Wednesday, May 28, 2014

Geithner: A Pronouncement

We're back from socialist hell Paris where, I have to say, life seemed not  bit different the day after Marine Le Pen's 25-percent landslide than it did before.  Which means back to decent computer hardware (I'm in love with my iPad mini but as a blogging tool, it really doesn't have the chops).

I do have a few afterthoughts about France that i hope to post over the next few days but for the moment,  a word about Tim Geithner's memoir.  He's certainly receiving a lot of attention, most (not all) from those who want to tie him to an anthill and cover him with honey.  I can relate: I went into the book expecting to dislike him and--

--and, well, I still can't say I really want to sit down and have a beer with the guy.  Nor he with me either, I suppose, but I'm not that crazy about beer anyway.

Thing is, though, it is actually quite good book.  I'm sure there are some self-delusions and some careless errors. But for the most part, it's what you want in a memoir: detailed, intellectually honest, fact-driven record of how and why he did what he did.   He's also refreshing on his likes--Barney Frank, President Obama and lots of other people, really (there are many appreciative comments about his staff).  Also his dislikes--Neil Barofsky and perhaps Ed DeMarco; after that, really not much of anybody.  But no, not Elizabeth Warren--he seems to think she grandstanded him, but in the end, he seems to have enjoyed her company (I can believe both).  And not Sheila Bair, whom he treats with respect, although I'm still not sure he takes her as serious as she deserves to be taken.

I liked the book; this is not the same as saying I'm endorsing the message.  Let's agree that we've pretty much simplified the conflict over policy in recession management down to a sound byte question: bankers or homeowners, Wall Street or Main Street (or both, or perhaps even neither)?  Geithner's clear: he thinks saving the banks was unambiguously right.  He thinks his crowd got the tactics/strategy mostly right, although he certainly is willing to offer up regrets about particulars.  He thinks it is/was important to save Main Street also but that's the thing--he thinks they did do a lot to save Main Street.  He also thinks they did do a lot to help home owners. He would have liked to do more (damn that DeMarco anyway)--although he appears not to give home owner relief the same high priority as many of his critics.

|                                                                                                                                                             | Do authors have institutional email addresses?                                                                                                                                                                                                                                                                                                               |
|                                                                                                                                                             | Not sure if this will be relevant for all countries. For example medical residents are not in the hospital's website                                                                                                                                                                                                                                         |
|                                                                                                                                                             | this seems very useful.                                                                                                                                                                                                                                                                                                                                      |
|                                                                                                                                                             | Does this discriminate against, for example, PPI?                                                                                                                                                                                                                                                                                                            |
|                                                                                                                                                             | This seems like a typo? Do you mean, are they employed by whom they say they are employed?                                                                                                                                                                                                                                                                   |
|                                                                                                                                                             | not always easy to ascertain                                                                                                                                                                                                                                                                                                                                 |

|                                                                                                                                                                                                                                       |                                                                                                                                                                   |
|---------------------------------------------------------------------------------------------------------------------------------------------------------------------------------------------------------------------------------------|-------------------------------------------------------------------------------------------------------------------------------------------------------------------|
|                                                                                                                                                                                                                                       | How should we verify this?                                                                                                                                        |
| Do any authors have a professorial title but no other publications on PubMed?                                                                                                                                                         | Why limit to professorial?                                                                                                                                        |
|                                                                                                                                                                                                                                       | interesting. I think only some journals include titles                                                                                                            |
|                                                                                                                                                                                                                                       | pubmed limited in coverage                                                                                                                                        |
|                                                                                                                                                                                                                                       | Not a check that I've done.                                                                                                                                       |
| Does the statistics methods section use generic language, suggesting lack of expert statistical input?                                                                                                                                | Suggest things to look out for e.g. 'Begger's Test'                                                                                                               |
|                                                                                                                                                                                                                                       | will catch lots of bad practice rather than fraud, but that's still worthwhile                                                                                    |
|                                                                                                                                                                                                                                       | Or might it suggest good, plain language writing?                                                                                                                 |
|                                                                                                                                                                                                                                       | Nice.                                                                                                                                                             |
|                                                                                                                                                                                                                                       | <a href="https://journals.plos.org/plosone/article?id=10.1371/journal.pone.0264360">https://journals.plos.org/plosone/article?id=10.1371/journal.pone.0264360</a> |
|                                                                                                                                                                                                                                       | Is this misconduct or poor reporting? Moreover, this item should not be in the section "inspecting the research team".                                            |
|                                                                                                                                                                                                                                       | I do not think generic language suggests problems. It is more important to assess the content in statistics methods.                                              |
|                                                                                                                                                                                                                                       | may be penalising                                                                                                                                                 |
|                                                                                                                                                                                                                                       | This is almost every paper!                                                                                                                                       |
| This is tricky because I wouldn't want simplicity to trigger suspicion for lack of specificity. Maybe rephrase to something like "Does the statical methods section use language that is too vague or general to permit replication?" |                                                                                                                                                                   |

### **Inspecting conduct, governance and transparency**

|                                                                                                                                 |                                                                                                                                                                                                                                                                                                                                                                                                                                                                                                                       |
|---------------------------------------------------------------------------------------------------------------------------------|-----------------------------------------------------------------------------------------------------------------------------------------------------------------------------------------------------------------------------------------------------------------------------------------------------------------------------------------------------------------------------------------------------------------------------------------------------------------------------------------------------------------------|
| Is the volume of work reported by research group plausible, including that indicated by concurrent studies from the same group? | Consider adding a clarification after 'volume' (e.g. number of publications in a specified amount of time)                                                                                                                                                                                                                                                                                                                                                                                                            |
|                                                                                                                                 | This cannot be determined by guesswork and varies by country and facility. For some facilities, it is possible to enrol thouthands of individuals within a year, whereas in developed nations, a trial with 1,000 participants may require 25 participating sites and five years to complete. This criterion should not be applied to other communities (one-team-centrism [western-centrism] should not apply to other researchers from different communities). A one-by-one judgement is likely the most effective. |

I have to admit, I'm still on the fence on that one.  I'm still hung up on the great counter-factual: what would have happened had we not saved the banks?  And that is the great counter-factual: we don not and cannot know.   I gather there are people--Ludwig von Mises, Dean Baker, who say "let it burn."  And we can't prove they're wrong. And never will, either, because I can't imagine a world in which the political elite will have the will to do nothing while the banking system collapses around them.   I'm on the fence also because just today on the plane, I read what must be the most useful intelligent, thought-provoking challenges on the Geithner (etc.) program that I've seen so far.  I hope to say a word about that reading tomorrow  Meanwhile: agree with him or not, I think Geithner's book will endure as one of the indispensable primary-source documents of the whole sorry business.


marcel said...

... because I can't imagine a world in which the political elite will have the will to do nothing while the banking system collapses around them.

Think back (I know, it was before your time, but anyway) to the Old Deal, early 1930s America, and Herbert Hoover and Andrew Mellon.

Buce said...

Ah, but that's the thing. Hoover did do stuff. He may not have done it right, or enough, or with sufficient brio to catch the popular imagination but he knew he couldn't sit still (brio, by the way, seems to have been Roosevelt's most important contribution, not so?) Mellon, by contrast, was becoming more and more of a political irrelevance.